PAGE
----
U.S. could have halted Benghazi attack with fly-over: Diplomat

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A former U.S. military officer who was a special adviser on counterterrorism to Adm. Mullen told The Washington Times that the fighters would have needed refueling to make it back from Benghazi and that they would not have taken off if a tanker was not available.

“Without tankers in the air or on the tarmac ready to go, you can’t do it,” said retired Col. Thomas F. Lynch, now a research fellow at the National Defense University. “Standard operating procedure is not to send pilots out on one-way missions.”

Mr. Hicks also said that four U.S. special operations forces in Tripoli were told that they could not fly to Benghazi the following morning aboard a C-130 that the Libyan military had provided.

He said their commanding officer, a lieutenant colonel, “got a phone call from [Special Operations Command, Africa] which said, you can’t go now, you don’t have authority to go now. And so they missed the flight.”

Mr. Hicks recalled that the lieutenant colonel said he had “never been so embarrassed in my life” that a State Department officer showed more grit than somebody in the military — “a nice compliment.”

Libyan approval

Mr. Hicks said there was no doubt the Libyan authorities would have approved an overflight by fighters or indeed the insertion of special operations forces.

“I believe that the Libyans were hoping that we were going to come bail them out of this mess,” he said. “And, you know, they were as surprised as we were that the American military forces that did arrive only arrived on the evening of Sept. 12th” -— the day after the attack.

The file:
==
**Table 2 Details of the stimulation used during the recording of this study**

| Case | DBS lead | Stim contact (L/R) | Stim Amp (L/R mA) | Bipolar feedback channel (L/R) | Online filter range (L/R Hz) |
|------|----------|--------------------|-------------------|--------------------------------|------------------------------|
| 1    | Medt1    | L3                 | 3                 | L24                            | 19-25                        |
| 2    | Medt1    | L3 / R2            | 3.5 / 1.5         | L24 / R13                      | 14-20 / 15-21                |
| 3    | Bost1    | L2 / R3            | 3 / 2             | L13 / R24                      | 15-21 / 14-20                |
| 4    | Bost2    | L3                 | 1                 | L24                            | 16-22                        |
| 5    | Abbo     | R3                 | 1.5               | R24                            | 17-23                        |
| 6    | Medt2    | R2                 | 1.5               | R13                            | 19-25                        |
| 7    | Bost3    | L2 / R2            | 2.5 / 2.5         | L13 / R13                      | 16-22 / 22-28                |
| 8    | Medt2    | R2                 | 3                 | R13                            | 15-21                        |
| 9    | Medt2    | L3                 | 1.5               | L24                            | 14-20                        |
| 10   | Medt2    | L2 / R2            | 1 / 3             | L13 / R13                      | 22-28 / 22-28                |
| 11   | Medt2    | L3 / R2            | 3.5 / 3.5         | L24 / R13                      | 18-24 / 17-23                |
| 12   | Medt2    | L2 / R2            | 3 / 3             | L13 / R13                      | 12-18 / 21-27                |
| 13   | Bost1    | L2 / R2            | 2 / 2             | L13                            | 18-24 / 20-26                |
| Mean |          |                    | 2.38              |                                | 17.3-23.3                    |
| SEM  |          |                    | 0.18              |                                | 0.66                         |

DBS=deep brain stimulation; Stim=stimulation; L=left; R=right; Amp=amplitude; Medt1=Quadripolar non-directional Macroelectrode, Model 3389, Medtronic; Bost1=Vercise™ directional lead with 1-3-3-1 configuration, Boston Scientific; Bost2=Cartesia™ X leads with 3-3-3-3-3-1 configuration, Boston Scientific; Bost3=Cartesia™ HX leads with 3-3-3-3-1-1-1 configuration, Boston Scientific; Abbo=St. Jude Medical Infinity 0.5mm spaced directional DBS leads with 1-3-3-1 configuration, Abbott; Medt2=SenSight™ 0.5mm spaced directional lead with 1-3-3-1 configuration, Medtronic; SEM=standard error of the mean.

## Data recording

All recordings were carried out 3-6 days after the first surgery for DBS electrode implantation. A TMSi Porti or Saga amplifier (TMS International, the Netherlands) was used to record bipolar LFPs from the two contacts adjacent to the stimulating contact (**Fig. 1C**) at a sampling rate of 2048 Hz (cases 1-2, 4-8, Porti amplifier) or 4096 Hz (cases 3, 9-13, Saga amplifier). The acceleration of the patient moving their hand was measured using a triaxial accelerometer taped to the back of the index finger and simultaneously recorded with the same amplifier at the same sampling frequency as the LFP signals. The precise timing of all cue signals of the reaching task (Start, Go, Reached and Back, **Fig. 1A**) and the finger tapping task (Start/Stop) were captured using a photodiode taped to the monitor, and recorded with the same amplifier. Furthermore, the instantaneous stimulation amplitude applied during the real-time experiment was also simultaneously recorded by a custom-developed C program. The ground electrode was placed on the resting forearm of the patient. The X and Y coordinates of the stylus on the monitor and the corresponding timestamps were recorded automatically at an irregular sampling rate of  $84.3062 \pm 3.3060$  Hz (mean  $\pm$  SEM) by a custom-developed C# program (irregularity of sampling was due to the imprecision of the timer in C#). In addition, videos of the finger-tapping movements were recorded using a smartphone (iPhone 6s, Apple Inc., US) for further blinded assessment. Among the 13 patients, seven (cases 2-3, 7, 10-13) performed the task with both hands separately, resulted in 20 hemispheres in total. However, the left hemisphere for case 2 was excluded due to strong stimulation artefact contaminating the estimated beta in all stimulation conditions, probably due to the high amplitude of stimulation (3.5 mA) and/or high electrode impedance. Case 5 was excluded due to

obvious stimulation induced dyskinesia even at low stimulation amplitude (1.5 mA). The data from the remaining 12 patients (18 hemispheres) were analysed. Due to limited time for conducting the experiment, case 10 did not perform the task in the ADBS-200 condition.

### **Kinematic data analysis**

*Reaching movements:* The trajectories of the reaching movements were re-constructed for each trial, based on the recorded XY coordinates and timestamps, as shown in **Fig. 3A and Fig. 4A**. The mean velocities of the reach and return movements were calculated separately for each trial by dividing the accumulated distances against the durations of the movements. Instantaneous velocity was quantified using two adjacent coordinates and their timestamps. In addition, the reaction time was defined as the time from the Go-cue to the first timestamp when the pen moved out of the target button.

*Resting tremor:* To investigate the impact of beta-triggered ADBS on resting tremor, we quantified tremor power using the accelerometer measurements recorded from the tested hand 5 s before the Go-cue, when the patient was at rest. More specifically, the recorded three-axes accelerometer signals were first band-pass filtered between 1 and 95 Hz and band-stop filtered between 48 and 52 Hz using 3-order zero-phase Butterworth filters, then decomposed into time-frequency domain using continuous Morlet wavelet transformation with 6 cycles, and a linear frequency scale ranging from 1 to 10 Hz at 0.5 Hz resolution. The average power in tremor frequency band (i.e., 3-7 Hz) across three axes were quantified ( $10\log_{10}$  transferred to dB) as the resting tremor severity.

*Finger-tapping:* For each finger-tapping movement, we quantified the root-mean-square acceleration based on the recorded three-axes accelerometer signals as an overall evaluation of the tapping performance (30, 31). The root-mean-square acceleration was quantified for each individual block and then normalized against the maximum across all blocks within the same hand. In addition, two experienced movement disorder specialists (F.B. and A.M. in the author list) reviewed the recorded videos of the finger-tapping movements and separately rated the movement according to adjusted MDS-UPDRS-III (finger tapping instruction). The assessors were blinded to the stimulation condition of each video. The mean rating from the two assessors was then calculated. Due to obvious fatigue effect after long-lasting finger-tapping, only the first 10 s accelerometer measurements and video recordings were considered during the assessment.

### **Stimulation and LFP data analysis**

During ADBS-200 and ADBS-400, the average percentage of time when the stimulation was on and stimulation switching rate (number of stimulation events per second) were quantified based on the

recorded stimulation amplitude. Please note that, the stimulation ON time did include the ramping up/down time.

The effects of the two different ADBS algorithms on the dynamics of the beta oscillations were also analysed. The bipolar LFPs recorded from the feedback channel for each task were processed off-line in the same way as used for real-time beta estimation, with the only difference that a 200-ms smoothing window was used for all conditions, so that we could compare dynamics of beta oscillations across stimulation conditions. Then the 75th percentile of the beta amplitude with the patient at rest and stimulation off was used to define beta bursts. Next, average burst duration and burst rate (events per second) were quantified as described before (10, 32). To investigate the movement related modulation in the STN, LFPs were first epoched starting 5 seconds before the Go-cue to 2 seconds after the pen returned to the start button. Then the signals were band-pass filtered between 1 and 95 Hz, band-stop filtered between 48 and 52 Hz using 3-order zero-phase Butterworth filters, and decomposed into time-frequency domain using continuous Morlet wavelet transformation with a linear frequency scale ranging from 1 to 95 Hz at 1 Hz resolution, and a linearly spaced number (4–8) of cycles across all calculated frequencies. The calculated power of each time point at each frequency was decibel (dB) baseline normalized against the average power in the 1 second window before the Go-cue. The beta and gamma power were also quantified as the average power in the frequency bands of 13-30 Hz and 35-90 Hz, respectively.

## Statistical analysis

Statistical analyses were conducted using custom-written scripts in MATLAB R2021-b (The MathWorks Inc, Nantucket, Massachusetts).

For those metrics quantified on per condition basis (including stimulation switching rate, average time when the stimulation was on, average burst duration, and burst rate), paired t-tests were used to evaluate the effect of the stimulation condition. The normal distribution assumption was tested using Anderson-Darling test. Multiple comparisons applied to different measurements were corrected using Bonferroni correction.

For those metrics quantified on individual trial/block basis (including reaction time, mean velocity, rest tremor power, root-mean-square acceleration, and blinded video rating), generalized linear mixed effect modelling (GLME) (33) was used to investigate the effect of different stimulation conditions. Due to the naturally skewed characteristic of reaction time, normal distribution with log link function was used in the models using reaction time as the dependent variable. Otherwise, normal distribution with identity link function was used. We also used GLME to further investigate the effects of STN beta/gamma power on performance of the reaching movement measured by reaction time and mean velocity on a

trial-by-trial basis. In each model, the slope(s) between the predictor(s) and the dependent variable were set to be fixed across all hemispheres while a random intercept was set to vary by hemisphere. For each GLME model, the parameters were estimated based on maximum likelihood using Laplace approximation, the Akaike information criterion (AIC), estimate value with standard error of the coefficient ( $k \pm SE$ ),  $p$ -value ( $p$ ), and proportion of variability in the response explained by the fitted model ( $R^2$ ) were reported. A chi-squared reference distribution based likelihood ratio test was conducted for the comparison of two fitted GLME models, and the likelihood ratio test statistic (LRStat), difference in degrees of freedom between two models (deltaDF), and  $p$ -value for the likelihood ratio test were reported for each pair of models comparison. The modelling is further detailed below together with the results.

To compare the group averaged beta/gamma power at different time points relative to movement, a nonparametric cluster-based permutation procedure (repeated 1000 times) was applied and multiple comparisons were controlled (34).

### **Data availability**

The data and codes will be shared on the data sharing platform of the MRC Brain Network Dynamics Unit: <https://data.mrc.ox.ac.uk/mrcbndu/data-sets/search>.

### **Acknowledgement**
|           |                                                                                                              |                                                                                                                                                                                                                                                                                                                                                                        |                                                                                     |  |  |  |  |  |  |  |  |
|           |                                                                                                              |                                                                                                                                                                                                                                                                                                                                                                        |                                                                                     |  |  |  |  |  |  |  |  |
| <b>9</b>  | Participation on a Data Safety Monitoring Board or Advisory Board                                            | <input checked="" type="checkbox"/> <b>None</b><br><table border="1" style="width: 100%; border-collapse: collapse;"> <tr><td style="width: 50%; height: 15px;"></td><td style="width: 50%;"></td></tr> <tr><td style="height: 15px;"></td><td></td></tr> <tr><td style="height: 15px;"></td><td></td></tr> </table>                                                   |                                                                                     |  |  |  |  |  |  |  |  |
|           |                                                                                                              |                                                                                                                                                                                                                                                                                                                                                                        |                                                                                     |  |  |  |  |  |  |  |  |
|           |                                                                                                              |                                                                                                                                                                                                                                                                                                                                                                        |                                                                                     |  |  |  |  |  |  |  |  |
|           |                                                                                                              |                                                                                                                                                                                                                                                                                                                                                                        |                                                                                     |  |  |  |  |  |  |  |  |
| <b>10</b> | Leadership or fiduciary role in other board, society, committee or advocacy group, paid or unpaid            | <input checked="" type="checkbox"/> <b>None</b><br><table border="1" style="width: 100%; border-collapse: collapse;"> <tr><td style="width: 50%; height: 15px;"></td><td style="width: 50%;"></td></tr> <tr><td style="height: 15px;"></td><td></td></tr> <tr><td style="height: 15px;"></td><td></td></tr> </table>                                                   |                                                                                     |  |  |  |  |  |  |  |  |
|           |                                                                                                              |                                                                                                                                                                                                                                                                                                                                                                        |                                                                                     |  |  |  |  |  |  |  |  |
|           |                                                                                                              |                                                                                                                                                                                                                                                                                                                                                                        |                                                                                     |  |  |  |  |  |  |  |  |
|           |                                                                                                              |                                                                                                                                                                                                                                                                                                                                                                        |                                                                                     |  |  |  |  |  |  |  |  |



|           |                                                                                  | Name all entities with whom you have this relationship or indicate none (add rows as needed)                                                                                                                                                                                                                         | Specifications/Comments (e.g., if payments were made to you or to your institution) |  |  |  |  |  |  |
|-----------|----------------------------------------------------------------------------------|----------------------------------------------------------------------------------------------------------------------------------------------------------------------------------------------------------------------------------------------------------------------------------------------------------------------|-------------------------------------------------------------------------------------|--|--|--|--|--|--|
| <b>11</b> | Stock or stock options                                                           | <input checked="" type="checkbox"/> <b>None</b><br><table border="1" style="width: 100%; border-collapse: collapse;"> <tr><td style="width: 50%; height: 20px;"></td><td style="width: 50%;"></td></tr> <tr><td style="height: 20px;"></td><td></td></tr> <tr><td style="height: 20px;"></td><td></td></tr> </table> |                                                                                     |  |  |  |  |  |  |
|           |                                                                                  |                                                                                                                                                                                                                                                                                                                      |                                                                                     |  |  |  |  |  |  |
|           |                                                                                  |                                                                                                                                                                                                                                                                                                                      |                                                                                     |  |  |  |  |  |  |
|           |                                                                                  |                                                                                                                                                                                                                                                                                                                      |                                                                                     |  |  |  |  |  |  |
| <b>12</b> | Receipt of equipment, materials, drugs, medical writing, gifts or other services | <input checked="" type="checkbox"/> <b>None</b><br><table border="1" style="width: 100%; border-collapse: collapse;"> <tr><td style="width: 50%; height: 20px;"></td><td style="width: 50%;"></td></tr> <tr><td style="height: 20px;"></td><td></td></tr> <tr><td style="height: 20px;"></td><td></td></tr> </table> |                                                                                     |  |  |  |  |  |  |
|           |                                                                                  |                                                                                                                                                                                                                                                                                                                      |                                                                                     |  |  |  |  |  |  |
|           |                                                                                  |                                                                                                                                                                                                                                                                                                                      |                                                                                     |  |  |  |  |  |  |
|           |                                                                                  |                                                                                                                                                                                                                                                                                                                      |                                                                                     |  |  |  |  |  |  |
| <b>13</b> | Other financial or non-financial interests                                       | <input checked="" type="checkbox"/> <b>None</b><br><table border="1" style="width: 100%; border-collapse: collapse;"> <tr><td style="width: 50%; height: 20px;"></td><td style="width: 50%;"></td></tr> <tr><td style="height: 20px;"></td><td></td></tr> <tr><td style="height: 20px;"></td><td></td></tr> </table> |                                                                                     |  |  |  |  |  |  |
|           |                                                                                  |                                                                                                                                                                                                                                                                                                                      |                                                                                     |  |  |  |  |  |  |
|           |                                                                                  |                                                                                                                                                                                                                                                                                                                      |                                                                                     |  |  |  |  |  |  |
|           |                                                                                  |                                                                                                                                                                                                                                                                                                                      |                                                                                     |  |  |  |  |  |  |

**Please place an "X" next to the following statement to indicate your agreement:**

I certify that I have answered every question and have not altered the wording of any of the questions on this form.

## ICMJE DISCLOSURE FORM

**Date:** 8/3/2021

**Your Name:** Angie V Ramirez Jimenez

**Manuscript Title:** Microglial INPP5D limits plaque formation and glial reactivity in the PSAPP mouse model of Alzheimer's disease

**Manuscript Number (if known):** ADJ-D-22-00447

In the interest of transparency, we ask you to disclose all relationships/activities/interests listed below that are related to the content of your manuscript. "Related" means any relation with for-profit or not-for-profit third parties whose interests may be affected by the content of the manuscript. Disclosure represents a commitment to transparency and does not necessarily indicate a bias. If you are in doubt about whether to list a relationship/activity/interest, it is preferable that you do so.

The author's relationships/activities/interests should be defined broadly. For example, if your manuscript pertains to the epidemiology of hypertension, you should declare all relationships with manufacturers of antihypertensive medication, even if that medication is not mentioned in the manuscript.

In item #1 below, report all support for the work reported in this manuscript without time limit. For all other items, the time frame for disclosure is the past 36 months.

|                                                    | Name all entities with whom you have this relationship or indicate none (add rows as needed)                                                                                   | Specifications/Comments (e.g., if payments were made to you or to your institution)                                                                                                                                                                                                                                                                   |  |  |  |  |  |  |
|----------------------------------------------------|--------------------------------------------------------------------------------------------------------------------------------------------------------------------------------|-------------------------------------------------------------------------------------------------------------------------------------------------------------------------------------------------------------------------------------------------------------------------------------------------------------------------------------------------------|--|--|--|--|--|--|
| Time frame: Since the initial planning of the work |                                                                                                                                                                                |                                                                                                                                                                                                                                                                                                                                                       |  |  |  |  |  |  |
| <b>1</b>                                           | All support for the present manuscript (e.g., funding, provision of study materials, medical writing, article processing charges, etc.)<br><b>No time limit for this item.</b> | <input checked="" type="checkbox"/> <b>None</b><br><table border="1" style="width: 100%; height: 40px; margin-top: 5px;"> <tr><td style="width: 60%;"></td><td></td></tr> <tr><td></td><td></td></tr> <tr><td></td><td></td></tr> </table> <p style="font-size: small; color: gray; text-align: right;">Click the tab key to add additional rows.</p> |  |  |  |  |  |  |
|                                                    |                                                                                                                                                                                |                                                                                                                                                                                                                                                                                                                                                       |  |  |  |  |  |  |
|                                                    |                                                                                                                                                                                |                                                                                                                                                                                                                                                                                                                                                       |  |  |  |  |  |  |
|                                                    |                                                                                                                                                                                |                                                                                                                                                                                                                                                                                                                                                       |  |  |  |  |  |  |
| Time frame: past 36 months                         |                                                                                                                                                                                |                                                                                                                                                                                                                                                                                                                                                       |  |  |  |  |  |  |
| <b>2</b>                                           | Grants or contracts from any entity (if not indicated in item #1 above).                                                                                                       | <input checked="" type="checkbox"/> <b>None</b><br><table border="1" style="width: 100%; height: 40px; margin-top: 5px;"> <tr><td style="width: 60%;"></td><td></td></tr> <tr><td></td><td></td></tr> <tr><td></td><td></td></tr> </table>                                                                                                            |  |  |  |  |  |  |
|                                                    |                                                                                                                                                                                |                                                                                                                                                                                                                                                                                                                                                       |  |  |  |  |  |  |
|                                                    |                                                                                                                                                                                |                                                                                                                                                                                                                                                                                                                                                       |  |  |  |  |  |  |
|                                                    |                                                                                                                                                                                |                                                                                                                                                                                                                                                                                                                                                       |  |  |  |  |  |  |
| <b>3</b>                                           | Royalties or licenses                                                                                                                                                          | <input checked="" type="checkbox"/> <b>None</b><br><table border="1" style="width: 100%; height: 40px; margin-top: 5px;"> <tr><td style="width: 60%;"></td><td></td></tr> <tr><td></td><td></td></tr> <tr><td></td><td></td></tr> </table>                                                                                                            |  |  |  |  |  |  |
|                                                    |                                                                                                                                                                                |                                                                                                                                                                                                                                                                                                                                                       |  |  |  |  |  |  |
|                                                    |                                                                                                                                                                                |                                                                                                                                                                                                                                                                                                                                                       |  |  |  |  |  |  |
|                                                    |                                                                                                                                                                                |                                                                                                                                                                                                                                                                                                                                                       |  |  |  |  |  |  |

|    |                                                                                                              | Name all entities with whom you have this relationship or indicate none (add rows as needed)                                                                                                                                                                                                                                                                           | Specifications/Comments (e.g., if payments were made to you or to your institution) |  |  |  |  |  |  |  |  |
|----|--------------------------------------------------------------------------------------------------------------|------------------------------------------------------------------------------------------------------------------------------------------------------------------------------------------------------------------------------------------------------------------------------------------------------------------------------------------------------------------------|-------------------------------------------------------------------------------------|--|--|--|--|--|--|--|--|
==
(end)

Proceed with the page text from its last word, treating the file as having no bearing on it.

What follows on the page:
Mr. Issa has said Mr. Thompson, the deputy for operations at the State Department’s counterterrorism bureau, told investigators that his bureau was “cut out of the loop” on decision-making that night. Ambassador Daniel Benjamin, who was head of the bureau at the time, rejected that charge Monday.

“This charge is simply untrue,” Mr. Benjamin said in a statement. “Though I was out of the country on official travel at the time of the attack, I was in frequent contact with the department. At no time did I feel that the bureau was in any way being left out of deliberations that it should have been part of.”

Mr. Hicks also is expected to testify that he knew immediately that the assault was a terrorist attack rather than the result of a spontaneous demonstration, as Obama administration officials initially and inaccurately claimed it had.

• Susan Crabtree contributed to this report.

© Copyright 2014 The Washington Times, LLC. Click here for reprint permission.

About the Author
Shaun Waterman

Shaun Waterman

Shaun Waterman is an award-winning reporter for The Washington Times, covering foreign affairs, defense and cybersecurity. He was a senior editor and correspondent for United Press International for nearly a decade, and has covered the Department of Homeland Security since 2003. His reporting on the Sept. 11 Commission and the tortuous process by which some of its recommendations finally became ...

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